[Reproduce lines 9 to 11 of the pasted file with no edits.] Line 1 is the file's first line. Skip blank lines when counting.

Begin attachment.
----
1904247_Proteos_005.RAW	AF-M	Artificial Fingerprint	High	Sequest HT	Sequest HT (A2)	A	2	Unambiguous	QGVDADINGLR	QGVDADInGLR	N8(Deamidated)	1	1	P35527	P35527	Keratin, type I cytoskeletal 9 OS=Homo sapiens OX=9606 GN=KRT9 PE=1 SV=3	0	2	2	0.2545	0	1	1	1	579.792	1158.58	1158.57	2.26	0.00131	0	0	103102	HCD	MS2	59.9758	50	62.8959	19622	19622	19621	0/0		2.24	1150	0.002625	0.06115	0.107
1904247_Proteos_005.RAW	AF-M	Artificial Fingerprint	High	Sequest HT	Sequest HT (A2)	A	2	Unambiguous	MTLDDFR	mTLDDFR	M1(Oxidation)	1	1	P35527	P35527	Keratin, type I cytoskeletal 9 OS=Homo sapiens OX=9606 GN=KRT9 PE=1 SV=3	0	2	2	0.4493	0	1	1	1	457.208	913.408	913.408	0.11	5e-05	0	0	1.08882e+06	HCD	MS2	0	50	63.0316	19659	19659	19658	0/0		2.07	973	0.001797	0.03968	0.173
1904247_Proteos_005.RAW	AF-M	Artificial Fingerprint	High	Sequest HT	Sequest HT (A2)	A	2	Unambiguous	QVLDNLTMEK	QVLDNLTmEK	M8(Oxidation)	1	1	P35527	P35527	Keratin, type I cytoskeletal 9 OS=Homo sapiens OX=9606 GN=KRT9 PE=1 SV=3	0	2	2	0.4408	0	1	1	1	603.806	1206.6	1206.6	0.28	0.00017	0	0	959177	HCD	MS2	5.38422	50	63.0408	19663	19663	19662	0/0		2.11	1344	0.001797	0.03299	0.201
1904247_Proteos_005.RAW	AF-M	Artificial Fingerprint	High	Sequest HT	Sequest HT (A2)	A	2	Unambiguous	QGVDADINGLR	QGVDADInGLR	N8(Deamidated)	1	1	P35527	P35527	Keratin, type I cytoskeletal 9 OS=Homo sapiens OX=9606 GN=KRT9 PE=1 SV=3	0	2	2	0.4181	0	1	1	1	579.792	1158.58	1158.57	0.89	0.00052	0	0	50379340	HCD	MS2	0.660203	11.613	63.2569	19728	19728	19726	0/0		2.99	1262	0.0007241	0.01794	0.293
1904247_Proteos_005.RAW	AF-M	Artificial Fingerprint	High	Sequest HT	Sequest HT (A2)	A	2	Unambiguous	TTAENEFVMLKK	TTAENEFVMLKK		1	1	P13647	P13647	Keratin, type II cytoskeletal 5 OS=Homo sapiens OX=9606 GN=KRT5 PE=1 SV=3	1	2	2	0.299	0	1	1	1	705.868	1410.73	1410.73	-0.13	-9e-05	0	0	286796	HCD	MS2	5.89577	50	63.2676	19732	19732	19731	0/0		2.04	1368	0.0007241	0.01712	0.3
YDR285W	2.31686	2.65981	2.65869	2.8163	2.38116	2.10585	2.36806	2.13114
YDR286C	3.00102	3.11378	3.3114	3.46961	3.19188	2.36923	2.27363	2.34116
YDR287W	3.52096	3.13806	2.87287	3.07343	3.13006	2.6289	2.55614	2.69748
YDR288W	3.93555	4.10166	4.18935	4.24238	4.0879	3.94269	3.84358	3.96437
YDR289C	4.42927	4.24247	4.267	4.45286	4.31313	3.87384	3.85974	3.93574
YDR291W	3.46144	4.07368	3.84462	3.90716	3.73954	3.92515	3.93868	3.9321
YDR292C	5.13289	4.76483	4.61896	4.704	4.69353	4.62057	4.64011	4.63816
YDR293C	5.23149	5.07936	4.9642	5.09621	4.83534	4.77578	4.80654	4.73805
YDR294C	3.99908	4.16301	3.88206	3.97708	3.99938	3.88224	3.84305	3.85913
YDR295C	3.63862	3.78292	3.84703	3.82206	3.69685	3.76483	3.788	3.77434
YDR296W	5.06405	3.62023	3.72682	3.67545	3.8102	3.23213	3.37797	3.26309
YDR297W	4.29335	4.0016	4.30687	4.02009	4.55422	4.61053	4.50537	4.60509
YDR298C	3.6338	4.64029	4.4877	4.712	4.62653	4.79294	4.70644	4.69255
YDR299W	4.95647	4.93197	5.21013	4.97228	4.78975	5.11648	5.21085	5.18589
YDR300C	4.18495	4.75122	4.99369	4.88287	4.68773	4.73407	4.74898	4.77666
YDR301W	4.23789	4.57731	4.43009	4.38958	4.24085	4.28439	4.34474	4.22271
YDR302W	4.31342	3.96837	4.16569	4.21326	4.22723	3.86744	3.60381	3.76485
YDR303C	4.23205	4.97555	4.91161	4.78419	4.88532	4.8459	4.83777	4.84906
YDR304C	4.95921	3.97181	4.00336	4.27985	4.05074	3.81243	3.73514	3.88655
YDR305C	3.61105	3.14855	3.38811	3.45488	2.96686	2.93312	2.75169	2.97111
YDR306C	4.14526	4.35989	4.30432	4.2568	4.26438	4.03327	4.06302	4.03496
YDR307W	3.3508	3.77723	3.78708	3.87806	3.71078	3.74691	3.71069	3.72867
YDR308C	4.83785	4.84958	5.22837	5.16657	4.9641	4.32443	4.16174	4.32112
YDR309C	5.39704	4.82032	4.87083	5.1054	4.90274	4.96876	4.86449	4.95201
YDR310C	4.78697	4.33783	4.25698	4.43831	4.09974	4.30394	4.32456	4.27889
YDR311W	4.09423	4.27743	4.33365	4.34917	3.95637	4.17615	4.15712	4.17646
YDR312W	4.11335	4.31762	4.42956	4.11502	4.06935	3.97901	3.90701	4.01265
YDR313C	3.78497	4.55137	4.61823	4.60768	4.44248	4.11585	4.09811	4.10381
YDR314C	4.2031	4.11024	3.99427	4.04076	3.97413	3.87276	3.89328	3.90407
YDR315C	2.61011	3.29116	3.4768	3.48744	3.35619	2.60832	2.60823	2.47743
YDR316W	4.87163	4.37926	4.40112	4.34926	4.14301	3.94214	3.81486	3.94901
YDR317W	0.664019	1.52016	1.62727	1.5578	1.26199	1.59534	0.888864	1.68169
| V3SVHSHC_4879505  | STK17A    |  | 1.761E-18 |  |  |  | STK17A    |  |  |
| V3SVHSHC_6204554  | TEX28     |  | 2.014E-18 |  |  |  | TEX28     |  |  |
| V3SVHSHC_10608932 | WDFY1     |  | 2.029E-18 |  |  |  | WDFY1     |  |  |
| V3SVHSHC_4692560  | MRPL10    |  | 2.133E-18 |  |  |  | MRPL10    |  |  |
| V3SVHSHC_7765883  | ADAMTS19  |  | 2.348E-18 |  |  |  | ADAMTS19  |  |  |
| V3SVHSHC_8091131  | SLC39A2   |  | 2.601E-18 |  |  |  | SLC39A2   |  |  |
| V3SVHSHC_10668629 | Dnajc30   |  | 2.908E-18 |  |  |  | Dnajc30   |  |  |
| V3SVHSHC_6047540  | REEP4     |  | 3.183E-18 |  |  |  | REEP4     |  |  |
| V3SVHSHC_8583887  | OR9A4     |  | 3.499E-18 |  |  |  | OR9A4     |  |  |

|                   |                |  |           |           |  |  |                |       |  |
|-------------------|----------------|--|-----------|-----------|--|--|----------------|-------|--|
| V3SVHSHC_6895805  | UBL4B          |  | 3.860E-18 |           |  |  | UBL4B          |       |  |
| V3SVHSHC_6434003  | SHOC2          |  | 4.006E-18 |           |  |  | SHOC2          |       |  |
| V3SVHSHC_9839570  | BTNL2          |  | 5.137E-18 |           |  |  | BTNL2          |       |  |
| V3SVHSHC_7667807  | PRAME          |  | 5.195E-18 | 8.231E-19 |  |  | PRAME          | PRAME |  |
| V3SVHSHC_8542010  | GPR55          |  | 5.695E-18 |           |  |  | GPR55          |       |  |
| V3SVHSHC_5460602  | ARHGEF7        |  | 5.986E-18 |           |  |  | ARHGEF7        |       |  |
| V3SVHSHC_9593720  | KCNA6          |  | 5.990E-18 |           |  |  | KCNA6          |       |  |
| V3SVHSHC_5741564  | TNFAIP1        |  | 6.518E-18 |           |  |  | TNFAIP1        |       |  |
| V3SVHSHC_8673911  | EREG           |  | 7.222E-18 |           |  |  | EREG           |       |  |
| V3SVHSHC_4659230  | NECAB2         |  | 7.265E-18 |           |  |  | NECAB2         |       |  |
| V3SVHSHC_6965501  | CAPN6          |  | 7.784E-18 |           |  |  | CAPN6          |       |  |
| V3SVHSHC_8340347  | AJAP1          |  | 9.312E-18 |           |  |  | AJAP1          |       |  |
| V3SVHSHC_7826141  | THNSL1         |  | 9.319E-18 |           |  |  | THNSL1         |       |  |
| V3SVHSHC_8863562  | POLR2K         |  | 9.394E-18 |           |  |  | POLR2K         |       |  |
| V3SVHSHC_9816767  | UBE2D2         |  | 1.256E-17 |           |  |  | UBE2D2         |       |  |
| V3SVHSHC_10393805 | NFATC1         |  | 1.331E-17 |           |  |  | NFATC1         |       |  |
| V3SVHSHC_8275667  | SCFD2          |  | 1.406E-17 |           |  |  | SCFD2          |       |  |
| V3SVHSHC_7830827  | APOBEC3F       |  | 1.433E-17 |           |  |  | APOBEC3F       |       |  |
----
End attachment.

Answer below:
YDR288W	3.93555	4.10166	4.18935	4.24238	4.0879	3.94269	3.84358	3.96437
YDR289C	4.42927	4.24247	4.267	4.45286	4.31313	3.87384	3.85974	3.93574
YDR291W	3.46144	4.07368	3.84462	3.90716	3.73954	3.92515	3.93868	3.9321